While most consumers are content with keeping their data strewn across a few hard drives, thumb drives and various cloud services some of us prefer something a little more robust and more importantly, redundant. That’s where a RAID (Redundant Array of Inexpensive Disks or Redundant Array of Independent Disks) set up can be invaluable.

For those of us who have been using RAIDs for many years that used to mean full PCs with controller cards, large cases and much noise, power draw and of course a lot of heat. That’s why I love the NAS (Network Attached Storage) revolution, none of those drawbacks, all of the advantages.

Since I’ve been using a Synology NAS over a traditional PC based RAID my storage life is just better and easier. Yes I know there are other options, FreeNAS and other NAS distros, but if you want a turn-key option with more advanced features then you can poke a stick at, with minimal setup, then you’ll be hard-pressed to find a better option than a Synology NAS.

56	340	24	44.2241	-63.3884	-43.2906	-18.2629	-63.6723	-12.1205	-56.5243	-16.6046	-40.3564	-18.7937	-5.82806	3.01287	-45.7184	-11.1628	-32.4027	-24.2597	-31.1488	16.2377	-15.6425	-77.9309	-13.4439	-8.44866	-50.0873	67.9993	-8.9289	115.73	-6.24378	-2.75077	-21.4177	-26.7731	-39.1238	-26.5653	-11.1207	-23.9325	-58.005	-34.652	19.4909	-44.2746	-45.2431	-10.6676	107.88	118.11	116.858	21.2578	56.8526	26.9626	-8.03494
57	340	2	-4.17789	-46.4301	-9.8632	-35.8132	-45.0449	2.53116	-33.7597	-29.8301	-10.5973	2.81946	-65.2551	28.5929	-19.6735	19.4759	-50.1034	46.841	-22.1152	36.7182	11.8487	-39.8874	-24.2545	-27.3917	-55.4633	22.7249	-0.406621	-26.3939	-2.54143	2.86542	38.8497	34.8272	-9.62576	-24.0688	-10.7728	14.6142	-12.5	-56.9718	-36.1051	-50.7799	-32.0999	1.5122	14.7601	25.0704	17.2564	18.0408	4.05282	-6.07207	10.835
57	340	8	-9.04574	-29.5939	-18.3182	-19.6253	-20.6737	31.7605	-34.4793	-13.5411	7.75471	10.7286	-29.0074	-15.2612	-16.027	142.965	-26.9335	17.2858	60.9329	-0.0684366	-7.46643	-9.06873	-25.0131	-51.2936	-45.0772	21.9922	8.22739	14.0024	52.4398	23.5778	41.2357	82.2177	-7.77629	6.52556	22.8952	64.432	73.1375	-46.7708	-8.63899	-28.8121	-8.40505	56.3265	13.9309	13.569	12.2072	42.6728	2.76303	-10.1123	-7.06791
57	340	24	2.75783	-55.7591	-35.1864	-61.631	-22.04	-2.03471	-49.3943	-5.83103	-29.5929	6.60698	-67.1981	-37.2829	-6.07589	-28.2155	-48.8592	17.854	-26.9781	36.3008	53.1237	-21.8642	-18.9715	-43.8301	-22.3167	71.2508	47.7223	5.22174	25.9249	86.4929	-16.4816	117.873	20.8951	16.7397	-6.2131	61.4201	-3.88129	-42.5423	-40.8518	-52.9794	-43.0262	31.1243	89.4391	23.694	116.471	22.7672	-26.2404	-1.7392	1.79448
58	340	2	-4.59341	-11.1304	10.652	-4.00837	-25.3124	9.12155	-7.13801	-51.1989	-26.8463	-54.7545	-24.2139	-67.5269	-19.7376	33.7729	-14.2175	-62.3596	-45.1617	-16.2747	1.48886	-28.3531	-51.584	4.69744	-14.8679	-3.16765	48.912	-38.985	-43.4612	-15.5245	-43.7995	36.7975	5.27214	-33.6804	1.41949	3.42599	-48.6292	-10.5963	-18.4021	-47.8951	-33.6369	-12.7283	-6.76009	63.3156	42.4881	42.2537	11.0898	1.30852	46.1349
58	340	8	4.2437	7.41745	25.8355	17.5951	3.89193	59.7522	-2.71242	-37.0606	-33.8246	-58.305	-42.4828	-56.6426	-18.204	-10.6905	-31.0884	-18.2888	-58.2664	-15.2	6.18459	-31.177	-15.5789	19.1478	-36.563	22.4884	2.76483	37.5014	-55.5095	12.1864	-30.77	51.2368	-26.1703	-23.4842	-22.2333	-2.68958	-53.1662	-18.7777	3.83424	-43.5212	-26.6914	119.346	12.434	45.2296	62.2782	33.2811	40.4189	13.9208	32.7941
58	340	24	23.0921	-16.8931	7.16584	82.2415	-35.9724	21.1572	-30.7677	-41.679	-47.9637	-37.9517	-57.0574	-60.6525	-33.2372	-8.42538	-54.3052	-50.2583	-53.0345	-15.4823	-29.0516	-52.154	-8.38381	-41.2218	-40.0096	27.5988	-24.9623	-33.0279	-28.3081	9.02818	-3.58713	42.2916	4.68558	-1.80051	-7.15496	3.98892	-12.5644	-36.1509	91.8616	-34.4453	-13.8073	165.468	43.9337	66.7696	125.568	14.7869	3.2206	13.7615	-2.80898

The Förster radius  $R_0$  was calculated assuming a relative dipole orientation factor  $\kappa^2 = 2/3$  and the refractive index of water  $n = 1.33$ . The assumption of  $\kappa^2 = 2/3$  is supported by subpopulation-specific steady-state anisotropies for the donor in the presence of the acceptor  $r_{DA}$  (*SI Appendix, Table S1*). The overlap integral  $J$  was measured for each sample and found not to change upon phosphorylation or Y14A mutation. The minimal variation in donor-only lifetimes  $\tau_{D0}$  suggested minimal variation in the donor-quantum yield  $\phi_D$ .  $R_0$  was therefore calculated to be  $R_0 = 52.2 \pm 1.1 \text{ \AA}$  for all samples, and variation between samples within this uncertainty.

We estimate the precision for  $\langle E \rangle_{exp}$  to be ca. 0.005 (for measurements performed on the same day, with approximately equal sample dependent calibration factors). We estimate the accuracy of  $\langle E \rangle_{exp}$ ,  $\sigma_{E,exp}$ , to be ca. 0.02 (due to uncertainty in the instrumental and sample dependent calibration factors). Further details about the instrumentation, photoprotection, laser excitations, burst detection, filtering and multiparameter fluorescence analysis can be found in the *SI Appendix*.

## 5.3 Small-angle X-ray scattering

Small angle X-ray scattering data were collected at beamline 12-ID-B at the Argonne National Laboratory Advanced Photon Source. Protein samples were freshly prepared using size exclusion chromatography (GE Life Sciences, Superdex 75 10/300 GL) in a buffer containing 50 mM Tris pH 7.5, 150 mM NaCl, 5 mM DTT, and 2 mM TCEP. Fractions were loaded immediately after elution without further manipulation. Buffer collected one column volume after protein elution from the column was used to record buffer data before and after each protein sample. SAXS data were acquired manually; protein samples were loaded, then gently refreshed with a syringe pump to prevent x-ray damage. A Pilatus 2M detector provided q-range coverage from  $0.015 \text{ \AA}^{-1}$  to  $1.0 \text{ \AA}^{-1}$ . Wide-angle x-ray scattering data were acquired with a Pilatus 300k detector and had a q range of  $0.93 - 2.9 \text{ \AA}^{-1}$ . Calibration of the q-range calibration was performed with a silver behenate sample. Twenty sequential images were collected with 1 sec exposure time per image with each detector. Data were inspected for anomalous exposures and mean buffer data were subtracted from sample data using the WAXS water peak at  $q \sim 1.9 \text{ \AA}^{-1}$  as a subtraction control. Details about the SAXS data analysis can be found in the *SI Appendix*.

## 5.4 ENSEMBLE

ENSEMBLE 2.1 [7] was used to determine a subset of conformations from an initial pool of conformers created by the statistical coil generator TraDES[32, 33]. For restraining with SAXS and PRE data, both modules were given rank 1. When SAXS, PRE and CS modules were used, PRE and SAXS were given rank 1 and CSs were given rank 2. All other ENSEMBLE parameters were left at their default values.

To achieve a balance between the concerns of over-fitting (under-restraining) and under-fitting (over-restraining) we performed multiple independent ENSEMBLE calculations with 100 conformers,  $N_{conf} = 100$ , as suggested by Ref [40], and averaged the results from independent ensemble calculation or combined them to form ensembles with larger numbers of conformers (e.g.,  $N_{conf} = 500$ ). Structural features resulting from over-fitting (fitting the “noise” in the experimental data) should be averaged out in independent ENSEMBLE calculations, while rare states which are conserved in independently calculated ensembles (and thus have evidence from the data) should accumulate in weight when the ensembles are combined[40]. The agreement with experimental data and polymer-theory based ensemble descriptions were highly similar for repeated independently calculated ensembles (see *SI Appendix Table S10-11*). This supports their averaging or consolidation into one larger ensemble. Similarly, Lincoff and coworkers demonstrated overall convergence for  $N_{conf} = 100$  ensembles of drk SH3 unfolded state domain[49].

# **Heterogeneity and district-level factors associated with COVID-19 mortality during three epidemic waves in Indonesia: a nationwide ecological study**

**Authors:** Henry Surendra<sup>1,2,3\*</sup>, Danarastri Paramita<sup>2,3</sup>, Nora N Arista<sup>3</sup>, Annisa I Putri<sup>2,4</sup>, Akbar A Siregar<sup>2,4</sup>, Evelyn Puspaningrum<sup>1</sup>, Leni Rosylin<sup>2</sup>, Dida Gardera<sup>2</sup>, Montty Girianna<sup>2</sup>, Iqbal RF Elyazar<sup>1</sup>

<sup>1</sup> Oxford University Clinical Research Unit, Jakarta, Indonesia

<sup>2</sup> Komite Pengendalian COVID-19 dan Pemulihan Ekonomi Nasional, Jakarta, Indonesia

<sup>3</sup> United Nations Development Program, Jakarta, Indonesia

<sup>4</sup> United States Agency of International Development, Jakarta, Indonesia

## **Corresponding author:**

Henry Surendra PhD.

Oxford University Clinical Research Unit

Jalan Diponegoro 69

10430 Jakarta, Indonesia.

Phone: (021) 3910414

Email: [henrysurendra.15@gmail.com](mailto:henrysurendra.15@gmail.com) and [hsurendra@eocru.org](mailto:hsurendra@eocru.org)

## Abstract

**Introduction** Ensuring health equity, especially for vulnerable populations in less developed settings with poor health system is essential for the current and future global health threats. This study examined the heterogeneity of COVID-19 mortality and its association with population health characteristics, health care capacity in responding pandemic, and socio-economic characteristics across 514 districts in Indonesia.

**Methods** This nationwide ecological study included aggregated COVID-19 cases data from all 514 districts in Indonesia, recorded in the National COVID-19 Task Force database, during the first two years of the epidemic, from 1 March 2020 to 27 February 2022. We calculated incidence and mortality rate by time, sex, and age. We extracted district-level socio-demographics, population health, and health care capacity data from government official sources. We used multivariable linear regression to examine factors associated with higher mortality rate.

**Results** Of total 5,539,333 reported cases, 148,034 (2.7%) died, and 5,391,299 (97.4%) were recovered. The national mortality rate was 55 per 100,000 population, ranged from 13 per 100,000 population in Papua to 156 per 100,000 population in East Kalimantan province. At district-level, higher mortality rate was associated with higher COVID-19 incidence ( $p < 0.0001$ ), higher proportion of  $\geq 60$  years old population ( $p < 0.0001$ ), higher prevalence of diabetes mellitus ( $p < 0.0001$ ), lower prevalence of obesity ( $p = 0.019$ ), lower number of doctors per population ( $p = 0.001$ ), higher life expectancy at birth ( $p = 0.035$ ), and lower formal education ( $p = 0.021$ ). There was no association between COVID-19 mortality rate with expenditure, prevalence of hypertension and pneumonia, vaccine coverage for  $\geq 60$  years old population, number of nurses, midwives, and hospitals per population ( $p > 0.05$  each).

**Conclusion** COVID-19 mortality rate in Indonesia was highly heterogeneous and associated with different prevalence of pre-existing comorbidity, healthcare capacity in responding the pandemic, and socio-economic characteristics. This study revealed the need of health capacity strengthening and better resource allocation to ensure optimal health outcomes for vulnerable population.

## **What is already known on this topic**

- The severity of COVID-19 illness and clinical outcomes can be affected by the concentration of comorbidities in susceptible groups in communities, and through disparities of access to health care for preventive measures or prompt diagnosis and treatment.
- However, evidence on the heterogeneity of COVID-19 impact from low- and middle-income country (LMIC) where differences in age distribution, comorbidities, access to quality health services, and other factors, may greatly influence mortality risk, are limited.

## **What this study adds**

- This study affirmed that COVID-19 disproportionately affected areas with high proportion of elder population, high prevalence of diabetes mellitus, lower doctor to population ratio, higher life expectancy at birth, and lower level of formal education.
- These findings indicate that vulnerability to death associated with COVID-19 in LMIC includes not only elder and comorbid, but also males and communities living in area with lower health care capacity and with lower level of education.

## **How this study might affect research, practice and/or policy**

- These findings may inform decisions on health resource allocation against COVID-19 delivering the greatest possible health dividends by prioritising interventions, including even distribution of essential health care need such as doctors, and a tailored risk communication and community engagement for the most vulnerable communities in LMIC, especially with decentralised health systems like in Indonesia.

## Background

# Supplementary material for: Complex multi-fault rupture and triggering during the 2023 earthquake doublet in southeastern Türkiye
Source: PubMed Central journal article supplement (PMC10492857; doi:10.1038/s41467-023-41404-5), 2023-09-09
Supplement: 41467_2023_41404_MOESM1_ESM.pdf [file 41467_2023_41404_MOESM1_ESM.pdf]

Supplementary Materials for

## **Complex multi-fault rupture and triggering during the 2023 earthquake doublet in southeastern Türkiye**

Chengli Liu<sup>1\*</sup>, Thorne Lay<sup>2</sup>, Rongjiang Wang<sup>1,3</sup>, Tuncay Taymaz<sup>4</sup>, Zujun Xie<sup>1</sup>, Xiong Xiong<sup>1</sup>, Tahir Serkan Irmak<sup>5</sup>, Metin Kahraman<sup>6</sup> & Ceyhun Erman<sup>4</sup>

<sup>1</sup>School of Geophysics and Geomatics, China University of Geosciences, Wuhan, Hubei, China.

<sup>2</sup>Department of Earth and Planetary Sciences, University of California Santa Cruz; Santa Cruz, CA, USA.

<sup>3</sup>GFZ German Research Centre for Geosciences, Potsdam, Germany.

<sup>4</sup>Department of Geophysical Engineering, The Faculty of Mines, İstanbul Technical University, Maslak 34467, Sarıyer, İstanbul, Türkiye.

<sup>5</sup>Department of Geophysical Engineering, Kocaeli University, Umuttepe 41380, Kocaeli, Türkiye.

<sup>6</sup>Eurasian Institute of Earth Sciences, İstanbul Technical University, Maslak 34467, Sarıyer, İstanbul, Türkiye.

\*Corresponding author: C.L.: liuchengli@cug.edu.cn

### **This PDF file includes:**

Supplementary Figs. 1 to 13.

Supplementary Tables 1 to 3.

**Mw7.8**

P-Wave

I recently encountered a problem, my RAID was running low on space, my wife takes an absurd number of photos with a very high MP camera, and then there are all the linix.ISO files I have. I already had maxed out my four bays and didn’t want to replace all four 6TB drives to get more capacity, the drives were relatively new.

I use a RAID 6 configuration that provides double data redundancy, meaning that I can have 2 drives fail and not lose any data. It also means I have one less drive for data storage, and in a 4 bay NAS that doesn’t leave a lot. The solution? Add an extra drive bay using super glue? No, upgrade to a bigger NAS by swapping in a new enclosure.

Now I’m not going to lie, the idea of messing with my main data store did give me more than a little pause. After all, the whole point of these systems is securing your data, not exposing it to risk. But if like me you don’t have another storage option that can backup all of your data and you need more space you may be left upgrading your live storage.

I should be clear here, Synology DO NOT recommend messing with your storage without making a complete backup first. Synology does have simple tools to make the process of migrating to a new enclosure easy and painless, and it’s very easy to add new discs to an existing storage volume if you have a spare drive bay.